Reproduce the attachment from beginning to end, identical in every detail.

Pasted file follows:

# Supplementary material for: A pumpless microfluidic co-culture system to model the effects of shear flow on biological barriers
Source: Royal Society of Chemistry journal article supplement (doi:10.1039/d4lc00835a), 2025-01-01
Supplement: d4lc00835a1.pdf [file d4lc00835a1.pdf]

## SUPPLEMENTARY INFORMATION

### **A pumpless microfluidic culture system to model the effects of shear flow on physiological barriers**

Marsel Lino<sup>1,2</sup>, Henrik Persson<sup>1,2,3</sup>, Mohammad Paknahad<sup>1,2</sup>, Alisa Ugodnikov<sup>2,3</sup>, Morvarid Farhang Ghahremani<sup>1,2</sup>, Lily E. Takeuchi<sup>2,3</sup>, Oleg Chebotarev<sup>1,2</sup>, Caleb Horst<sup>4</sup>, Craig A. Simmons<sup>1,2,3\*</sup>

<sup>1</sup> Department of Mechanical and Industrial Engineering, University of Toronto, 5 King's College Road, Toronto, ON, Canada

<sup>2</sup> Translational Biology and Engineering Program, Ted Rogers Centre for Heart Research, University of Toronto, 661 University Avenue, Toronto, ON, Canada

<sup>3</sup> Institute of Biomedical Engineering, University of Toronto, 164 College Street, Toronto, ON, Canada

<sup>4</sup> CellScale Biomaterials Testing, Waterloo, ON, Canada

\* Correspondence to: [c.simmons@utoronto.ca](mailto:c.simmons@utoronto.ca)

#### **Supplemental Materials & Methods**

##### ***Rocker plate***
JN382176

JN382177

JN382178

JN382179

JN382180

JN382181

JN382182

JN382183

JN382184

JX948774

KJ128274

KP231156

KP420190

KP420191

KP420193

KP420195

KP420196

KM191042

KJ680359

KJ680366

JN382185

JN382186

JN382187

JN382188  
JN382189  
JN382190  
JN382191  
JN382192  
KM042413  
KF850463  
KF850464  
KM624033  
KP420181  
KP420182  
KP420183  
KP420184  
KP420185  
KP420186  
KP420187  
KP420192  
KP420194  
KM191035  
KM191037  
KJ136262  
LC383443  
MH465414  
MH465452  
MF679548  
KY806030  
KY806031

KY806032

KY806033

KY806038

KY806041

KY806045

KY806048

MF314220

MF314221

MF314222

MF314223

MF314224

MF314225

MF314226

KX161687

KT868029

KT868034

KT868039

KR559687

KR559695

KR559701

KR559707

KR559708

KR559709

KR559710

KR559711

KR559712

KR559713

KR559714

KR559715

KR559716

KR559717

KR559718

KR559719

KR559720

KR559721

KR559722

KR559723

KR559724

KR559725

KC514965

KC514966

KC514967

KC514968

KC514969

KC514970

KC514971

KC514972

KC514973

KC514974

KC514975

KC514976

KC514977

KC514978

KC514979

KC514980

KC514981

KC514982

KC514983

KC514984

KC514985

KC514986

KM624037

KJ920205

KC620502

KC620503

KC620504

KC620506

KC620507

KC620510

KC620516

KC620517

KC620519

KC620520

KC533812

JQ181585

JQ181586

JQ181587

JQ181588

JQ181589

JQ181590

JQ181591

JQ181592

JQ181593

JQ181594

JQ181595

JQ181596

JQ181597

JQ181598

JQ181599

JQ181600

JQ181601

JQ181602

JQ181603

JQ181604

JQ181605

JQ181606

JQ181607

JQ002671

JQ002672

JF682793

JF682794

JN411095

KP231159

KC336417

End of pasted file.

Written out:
# Supplementary material for: A pumpless microfluidic co-culture system to model the effects of shear flow on biological barriers
Source: Royal Society of Chemistry journal article supplement (doi:10.1039/d4lc00835a), 2025-01-01
Supplement: d4lc00835a1.pdf [file d4lc00835a1.pdf]

## SUPPLEMENTARY INFORMATION

### **A pumpless microfluidic culture system to model the effects of shear flow on physiological barriers**

Marsel Lino<sup>1,2</sup>, Henrik Persson<sup>1,2,3</sup>, Mohammad Paknahad<sup>1,2</sup>, Alisa Ugodnikov<sup>2,3</sup>, Morvarid Farhang Ghahremani<sup>1,2</sup>, Lily E. Takeuchi<sup>2,3</sup>, Oleg Chebotarev<sup>1,2</sup>, Caleb Horst<sup>4</sup>, Craig A. Simmons<sup>1,2,3\*</sup>

<sup>1</sup> Department of Mechanical and Industrial Engineering, University of Toronto, 5 King's College Road, Toronto, ON, Canada

<sup>2</sup> Translational Biology and Engineering Program, Ted Rogers Centre for Heart Research, University of Toronto, 661 University Avenue, Toronto, ON, Canada

<sup>3</sup> Institute of Biomedical Engineering, University of Toronto, 164 College Street, Toronto, ON, Canada

<sup>4</sup> CellScale Biomaterials Testing, Waterloo, ON, Canada

\* Correspondence to: [c.simmons@utoronto.ca](mailto:c.simmons@utoronto.ca)

#### **Supplemental Materials & Methods**

##### ***Rocker plate***
JN382176

JN382177

JN382178

JN382179

JN382180

JN382181

JN382182

JN382183

JN382184

JX948774

KJ128274

KP231156

KP420190

KP420191

KP420193

KP420195

KP420196

KM191042

KJ680359

KJ680366

JN382185

JN382186

JN382187

JN382188  
JN382189  
JN382190  
JN382191  
JN382192  
KM042413  
KF850463  
KF850464  
KM624033  
KP420181  
KP420182  
KP420183  
KP420184  
KP420185  
KP420186  
KP420187  
KP420192  
KP420194  
KM191035  
KM191037  
KJ136262  
LC383443  
MH465414  
MH465452  
MF679548  
KY806030  
KY806031

KY806032

KY806033

KY806038

KY806041

KY806045

KY806048

MF314220

MF314221

MF314222

MF314223

MF314224

MF314225

MF314226

KX161687

KT868029

KT868034

KT868039

KR559687

KR559695

KR559701

KR559707

KR559708

KR559709

KR559710

KR559711

KR559712

KR559713

KR559714

KR559715

KR559716

KR559717

KR559718

KR559719

KR559720

KR559721

KR559722

KR559723

KR559724

KR559725

KC514965

KC514966

KC514967

KC514968

KC514969

KC514970

KC514971

KC514972

KC514973

KC514974

KC514975

KC514976

KC514977

KC514978

KC514979

KC514980

KC514981

KC514982

KC514983

KC514984

KC514985

KC514986

KM624037

KJ920205

KC620502

KC620503

KC620504

KC620506

KC620507

KC620510

KC620516

KC620517

KC620519

KC620520

KC533812

JQ181585

JQ181586

JQ181587

JQ181588

JQ181589

JQ181590

JQ181591

JQ181592

JQ181593

JQ181594

JQ181595

JQ181596

JQ181597

JQ181598

JQ181599

JQ181600

JQ181601

JQ181602

JQ181603

JQ181604

JQ181605

JQ181606

JQ181607

JQ002671

JQ002672

JF682793

JF682794

JN411095

KP231159

KC336417